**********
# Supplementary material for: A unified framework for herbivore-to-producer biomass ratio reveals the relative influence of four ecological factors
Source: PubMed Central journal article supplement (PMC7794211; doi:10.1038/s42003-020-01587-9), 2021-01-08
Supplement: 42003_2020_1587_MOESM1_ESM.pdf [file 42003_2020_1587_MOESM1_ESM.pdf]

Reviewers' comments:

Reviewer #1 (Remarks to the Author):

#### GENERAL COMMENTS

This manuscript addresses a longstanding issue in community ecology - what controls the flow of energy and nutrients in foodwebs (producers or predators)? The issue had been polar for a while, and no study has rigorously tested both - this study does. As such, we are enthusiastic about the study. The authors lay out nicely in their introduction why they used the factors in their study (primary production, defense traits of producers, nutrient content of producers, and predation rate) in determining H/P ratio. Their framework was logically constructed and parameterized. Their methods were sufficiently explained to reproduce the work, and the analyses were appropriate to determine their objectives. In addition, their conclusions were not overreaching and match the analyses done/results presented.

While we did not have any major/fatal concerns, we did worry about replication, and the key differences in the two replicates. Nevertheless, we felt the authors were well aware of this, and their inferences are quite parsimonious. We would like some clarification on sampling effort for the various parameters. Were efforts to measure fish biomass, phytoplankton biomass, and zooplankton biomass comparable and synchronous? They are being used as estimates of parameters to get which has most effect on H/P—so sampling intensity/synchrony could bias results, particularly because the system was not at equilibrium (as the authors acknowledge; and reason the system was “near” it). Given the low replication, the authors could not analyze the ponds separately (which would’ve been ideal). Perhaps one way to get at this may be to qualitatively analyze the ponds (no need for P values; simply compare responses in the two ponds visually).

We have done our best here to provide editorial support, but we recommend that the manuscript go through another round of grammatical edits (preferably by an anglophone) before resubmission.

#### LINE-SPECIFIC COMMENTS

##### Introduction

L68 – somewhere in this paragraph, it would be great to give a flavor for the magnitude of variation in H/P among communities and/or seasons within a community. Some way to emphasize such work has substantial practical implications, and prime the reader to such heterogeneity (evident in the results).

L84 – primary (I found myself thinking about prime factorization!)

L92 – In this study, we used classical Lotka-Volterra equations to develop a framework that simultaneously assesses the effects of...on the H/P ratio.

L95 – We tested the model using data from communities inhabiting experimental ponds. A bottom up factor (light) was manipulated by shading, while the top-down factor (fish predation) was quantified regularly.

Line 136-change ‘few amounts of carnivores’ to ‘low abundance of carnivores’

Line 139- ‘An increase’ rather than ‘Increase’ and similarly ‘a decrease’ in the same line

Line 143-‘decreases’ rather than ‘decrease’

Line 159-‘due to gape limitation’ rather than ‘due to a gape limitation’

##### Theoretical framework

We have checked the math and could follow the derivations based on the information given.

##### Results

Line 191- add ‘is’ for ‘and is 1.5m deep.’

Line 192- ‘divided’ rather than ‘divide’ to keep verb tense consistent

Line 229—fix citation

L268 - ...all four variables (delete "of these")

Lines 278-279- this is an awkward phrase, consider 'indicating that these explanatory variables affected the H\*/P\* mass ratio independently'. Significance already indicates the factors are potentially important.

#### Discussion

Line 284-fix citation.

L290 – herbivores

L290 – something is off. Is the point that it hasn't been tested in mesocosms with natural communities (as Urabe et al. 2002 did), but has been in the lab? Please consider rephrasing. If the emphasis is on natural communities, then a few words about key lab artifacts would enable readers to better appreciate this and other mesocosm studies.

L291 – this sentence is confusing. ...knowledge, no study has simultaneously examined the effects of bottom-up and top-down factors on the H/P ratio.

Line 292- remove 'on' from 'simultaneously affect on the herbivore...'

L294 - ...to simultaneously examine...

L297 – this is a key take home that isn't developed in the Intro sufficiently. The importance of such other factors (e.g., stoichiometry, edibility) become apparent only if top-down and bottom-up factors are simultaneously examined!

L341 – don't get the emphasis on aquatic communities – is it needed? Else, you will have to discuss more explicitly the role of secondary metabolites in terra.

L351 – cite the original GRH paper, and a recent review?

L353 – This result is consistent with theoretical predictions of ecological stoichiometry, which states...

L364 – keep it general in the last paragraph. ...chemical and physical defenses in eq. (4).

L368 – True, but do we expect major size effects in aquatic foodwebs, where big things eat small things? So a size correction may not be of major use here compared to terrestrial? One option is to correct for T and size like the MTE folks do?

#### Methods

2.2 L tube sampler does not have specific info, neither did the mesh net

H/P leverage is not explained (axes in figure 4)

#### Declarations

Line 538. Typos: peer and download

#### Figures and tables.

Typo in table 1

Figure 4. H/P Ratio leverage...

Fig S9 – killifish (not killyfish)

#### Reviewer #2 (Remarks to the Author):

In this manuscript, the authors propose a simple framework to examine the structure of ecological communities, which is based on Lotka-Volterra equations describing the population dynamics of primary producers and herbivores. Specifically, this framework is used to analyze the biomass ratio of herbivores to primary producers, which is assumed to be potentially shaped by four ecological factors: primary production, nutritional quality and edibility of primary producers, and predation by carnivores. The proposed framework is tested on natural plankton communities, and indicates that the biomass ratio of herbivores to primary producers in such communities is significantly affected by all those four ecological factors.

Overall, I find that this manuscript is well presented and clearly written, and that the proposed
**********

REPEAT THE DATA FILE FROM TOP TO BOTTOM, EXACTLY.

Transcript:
# Supplementary material for: A unified framework for herbivore-to-producer biomass ratio reveals the relative influence of four ecological factors
Source: PubMed Central journal article supplement (PMC7794211; doi:10.1038/s42003-020-01587-9), 2021-01-08
Supplement: 42003_2020_1587_MOESM1_ESM.pdf [file 42003_2020_1587_MOESM1_ESM.pdf]

Reviewers' comments:

Reviewer #1 (Remarks to the Author):

#### GENERAL COMMENTS

This manuscript addresses a longstanding issue in community ecology - what controls the flow of energy and nutrients in foodwebs (producers or predators)? The issue had been polar for a while, and no study has rigorously tested both - this study does. As such, we are enthusiastic about the study. The authors lay out nicely in their introduction why they used the factors in their study (primary production, defense traits of producers, nutrient content of producers, and predation rate) in determining H/P ratio. Their framework was logically constructed and parameterized. Their methods were sufficiently explained to reproduce the work, and the analyses were appropriate to determine their objectives. In addition, their conclusions were not overreaching and match the analyses done/results presented.

While we did not have any major/fatal concerns, we did worry about replication, and the key differences in the two replicates. Nevertheless, we felt the authors were well aware of this, and their inferences are quite parsimonious. We would like some clarification on sampling effort for the various parameters. Were efforts to measure fish biomass, phytoplankton biomass, and zooplankton biomass comparable and synchronous? They are being used as estimates of parameters to get which has most effect on H/P—so sampling intensity/synchrony could bias results, particularly because the system was not at equilibrium (as the authors acknowledge; and reason the system was “near” it). Given the low replication, the authors could not analyze the ponds separately (which would’ve been ideal). Perhaps one way to get at this may be to qualitatively analyze the ponds (no need for P values; simply compare responses in the two ponds visually).

We have done our best here to provide editorial support, but we recommend that the manuscript go through another round of grammatical edits (preferably by an anglophone) before resubmission.

#### LINE-SPECIFIC COMMENTS

##### Introduction

L68 – somewhere in this paragraph, it would be great to give a flavor for the magnitude of variation in H/P among communities and/or seasons within a community. Some way to emphasize such work has substantial practical implications, and prime the reader to such heterogeneity (evident in the results).

L84 – primary (I found myself thinking about prime factorization!)

L92 – In this study, we used classical Lotka-Volterra equations to develop a framework that simultaneously assesses the effects of...on the H/P ratio.

L95 – We tested the model using data from communities inhabiting experimental ponds. A bottom up factor (light) was manipulated by shading, while the top-down factor (fish predation) was quantified regularly.

Line 136-change ‘few amounts of carnivores’ to ‘low abundance of carnivores’

Line 139- ‘An increase’ rather than ‘Increase’ and similarly ‘a decrease’ in the same line

Line 143-‘decreases’ rather than ‘decrease’

Line 159-‘due to gape limitation’ rather than ‘due to a gape limitation’

##### Theoretical framework

We have checked the math and could follow the derivations based on the information given.

##### Results

Line 191- add ‘is’ for ‘and is 1.5m deep.’

Line 192- ‘divided’ rather than ‘divide’ to keep verb tense consistent

Line 229—fix citation

L268 - ...all four variables (delete "of these")

Lines 278-279- this is an awkward phrase, consider 'indicating that these explanatory variables affected the H\*/P\* mass ratio independently'. Significance already indicates the factors are potentially important.

#### Discussion

Line 284-fix citation.

L290 – herbivores

L290 – something is off. Is the point that it hasn't been tested in mesocosms with natural communities (as Urabe et al. 2002 did), but has been in the lab? Please consider rephrasing. If the emphasis is on natural communities, then a few words about key lab artifacts would enable readers to better appreciate this and other mesocosm studies.

L291 – this sentence is confusing. ...knowledge, no study has simultaneously examined the effects of bottom-up and top-down factors on the H/P ratio.

Line 292- remove 'on' from 'simultaneously affect on the herbivore...'

L294 - ...to simultaneously examine...

L297 – this is a key take home that isn't developed in the Intro sufficiently. The importance of such other factors (e.g., stoichiometry, edibility) become apparent only if top-down and bottom-up factors are simultaneously examined!

L341 – don't get the emphasis on aquatic communities – is it needed? Else, you will have to discuss more explicitly the role of secondary metabolites in terra.

L351 – cite the original GRH paper, and a recent review?

L353 – This result is consistent with theoretical predictions of ecological stoichiometry, which states...

L364 – keep it general in the last paragraph. ...chemical and physical defenses in eq. (4).

L368 – True, but do we expect major size effects in aquatic foodwebs, where big things eat small things? So a size correction may not be of major use here compared to terrestrial? One option is to correct for T and size like the MTE folks do?

#### Methods

2.2 L tube sampler does not have specific info, neither did the mesh net

H/P leverage is not explained (axes in figure 4)

#### Declarations

Line 538. Typos: peer and download

#### Figures and tables.

Typo in table 1

Figure 4. H/P Ratio leverage...

Fig S9 – killifish (not killyfish)

#### Reviewer #2 (Remarks to the Author):

In this manuscript, the authors propose a simple framework to examine the structure of ecological communities, which is based on Lotka-Volterra equations describing the population dynamics of primary producers and herbivores. Specifically, this framework is used to analyze the biomass ratio of herbivores to primary producers, which is assumed to be potentially shaped by four ecological factors: primary production, nutritional quality and edibility of primary producers, and predation by carnivores. The proposed framework is tested on natural plankton communities, and indicates that the biomass ratio of herbivores to primary producers in such communities is significantly affected by all those four ecological factors.

Overall, I find that this manuscript is well presented and clearly written, and that the proposed